Some other features of the interview (Enright interviewed Doyle), from Battersby's article today:

• Doyle didn't suffer fools from the audience gladly. He doesn't suffer windbags gladly either. Or maybe he just didn't suffer audience members, full stop. A woman wanted him to know she didn't enjoy The Commitments; he seems not to have bothered even to reply. A man wanted to know about his views on "religion and churches". "I'm an atheist," Doyle responded bluntly. That was the end of that.

• Doyle admitted that the actor Ger Ryan's interpretation of his character, Paula Spencer, in the stage version of his novel The Woman Who Walked Into Doors had made for a "different, stronger" version of the character and that, as he wrote the sequel to the novel (which will be published in September), he was aware of the challenge this posed to his own characterisation of her. At least, I think that's what he's saying. Maybe he's talking about the stage version, which he helped to adapt. Again, it's a little unclear. But if this is the challenge he's talking about, it's a very interesting one, and I guess one that other authors have faced too, as they write sequels, or the next book in a series.

• He talked about the number of "wrecked, baldy old guys" who come up to him in the street and tell him that he used to teach them. Others, or maybe the same guys, are "recovering heroin addicts...the ghosts of young kids he used to teach," writes Battersby.

• Enright came across, writes Battersby, "as a harassed housewife on temporary day release from her children," and complains that she has no time to read. But she's shrewd and alert as an interviewer, and knew "how to turn an interview into an apparently casual conversation. She [was] also asking Doyle the right questions." Another reason why she should write for the Irish Times, then. Sign her up!

• Doyle would love to live in New York. You can stay with us, Roddy. Just for a couple of days, mind.

• The recent changes to Ireland's population, which have seen large numbers of immigrants come to the country over the last five to seven years, have created an unexpected bonus for Doyle, who's a pretty recognisable figure in Ireland, as writers go: "I can walk down the street without every tenth person asking me if I'm Roddy Doyle." He also mentions in passing that he's learning Polish. Is he? Was this said ironically (he also said he's the only person on his bus route now who speaks English) or in dead seriousness?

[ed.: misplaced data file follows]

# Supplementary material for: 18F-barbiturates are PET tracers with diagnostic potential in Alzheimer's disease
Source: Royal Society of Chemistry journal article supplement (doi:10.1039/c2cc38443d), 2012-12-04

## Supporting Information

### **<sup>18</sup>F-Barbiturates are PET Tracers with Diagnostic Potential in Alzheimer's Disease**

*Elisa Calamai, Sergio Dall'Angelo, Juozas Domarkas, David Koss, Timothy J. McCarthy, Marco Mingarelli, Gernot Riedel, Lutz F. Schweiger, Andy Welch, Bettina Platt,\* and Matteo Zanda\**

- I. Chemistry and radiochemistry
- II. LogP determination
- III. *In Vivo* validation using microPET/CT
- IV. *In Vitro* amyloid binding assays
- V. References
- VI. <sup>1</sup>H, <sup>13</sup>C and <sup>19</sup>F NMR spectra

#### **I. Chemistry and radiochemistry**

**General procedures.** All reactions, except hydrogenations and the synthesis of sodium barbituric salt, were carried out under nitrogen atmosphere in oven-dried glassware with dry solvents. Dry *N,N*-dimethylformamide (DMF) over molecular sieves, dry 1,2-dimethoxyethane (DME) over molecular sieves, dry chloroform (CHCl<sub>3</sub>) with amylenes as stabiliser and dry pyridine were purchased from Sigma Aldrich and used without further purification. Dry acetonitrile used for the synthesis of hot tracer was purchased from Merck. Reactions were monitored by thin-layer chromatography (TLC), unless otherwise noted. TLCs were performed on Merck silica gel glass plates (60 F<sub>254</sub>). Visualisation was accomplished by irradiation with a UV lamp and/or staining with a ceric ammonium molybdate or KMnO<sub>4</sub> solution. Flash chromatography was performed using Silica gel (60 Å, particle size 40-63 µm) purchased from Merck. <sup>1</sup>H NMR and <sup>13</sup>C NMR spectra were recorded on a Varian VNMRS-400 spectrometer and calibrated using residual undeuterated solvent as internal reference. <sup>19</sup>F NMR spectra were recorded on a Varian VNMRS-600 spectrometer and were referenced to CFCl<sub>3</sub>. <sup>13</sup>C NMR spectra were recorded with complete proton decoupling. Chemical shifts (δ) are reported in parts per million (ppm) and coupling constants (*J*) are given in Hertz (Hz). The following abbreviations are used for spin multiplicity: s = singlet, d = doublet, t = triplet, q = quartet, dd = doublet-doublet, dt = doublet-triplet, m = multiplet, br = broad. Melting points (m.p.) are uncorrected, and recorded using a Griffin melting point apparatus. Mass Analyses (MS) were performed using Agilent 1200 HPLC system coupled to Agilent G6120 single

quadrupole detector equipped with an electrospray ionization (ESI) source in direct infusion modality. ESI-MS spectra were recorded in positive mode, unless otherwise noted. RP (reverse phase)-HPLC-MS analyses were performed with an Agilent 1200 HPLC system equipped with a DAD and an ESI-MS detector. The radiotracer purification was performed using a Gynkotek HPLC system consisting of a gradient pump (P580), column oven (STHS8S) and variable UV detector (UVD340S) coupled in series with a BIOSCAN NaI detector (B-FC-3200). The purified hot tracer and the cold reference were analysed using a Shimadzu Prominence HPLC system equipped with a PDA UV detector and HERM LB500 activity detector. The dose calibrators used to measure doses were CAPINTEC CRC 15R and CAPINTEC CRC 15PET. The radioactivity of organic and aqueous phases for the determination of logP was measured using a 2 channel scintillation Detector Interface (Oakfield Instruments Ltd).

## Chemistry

• As was already known (it was discussed at some length in Angela Bourke's biography, and in Doyle's book Rory and Ita), Doyle's second cousin was Maeve Brennan, the famous Irish New Yorker writer, who wrote the magazine's Talk of the Town column during the 1950s and 60s under the pseudonym of the ”Long-Winded Lady”. Doyle spoke a little about her on Friday; he was 14 when she came to stay in his family home for a few months. That would have been around 1972, when things had begun to fall apart for Brennan. She rarely ate, stayed in her room with the curtains closed, and wrote furiously. Doyle, on Friday, remembered her as "incredibly elegant and eccentric", bewildered by an Ireland she no longer knew. He didn't speak to her about writing, because he wasn't interested in it at the time.

• Enright talked about something interesting: the emergence of an underclass in Dublin, or in Ireland (not clear which), and how this is something different to the working-class. Again, more on this would have been fascinating, but perhaps space didn't allow it...or something... anybody who was there, please comment!

• Doyle on the linguistic gift of the working class (in Dublin, I think): "A well-aimed working-class insult can do in two sentences what it would take a barrister three days to do."

• After they made their '40 good writers' remark, the audience got involved, shouting out the names of other Irish writers to see what Doyle and Enright had to say about them. Battersby remarks that "the expected [were] praised". It'd be good to know who the praised and the unpraised were, but only one is named in the piece: Jennifer Johnston, whose work Doyle said he loved. It's the duty of the writer, he said, "to produce good work."

Yeah, and it's the duty of the literary journalist too.

4 comments:

Stellanova said...

While the quality of news journalism at the Times is really good, if a little dry, I think that the Irish print media in general have little time for stylish, witty and original writing (present company excepted, of course). There are lots of writers for the Guardian and the Observer whose work I will always read, regardless of subject, but they seem to have the freedom to be a bit more adventurous. The only Times writer whose work I'll always read, whether he's writing about films or football, is the ever-wonderful Donald Clarke.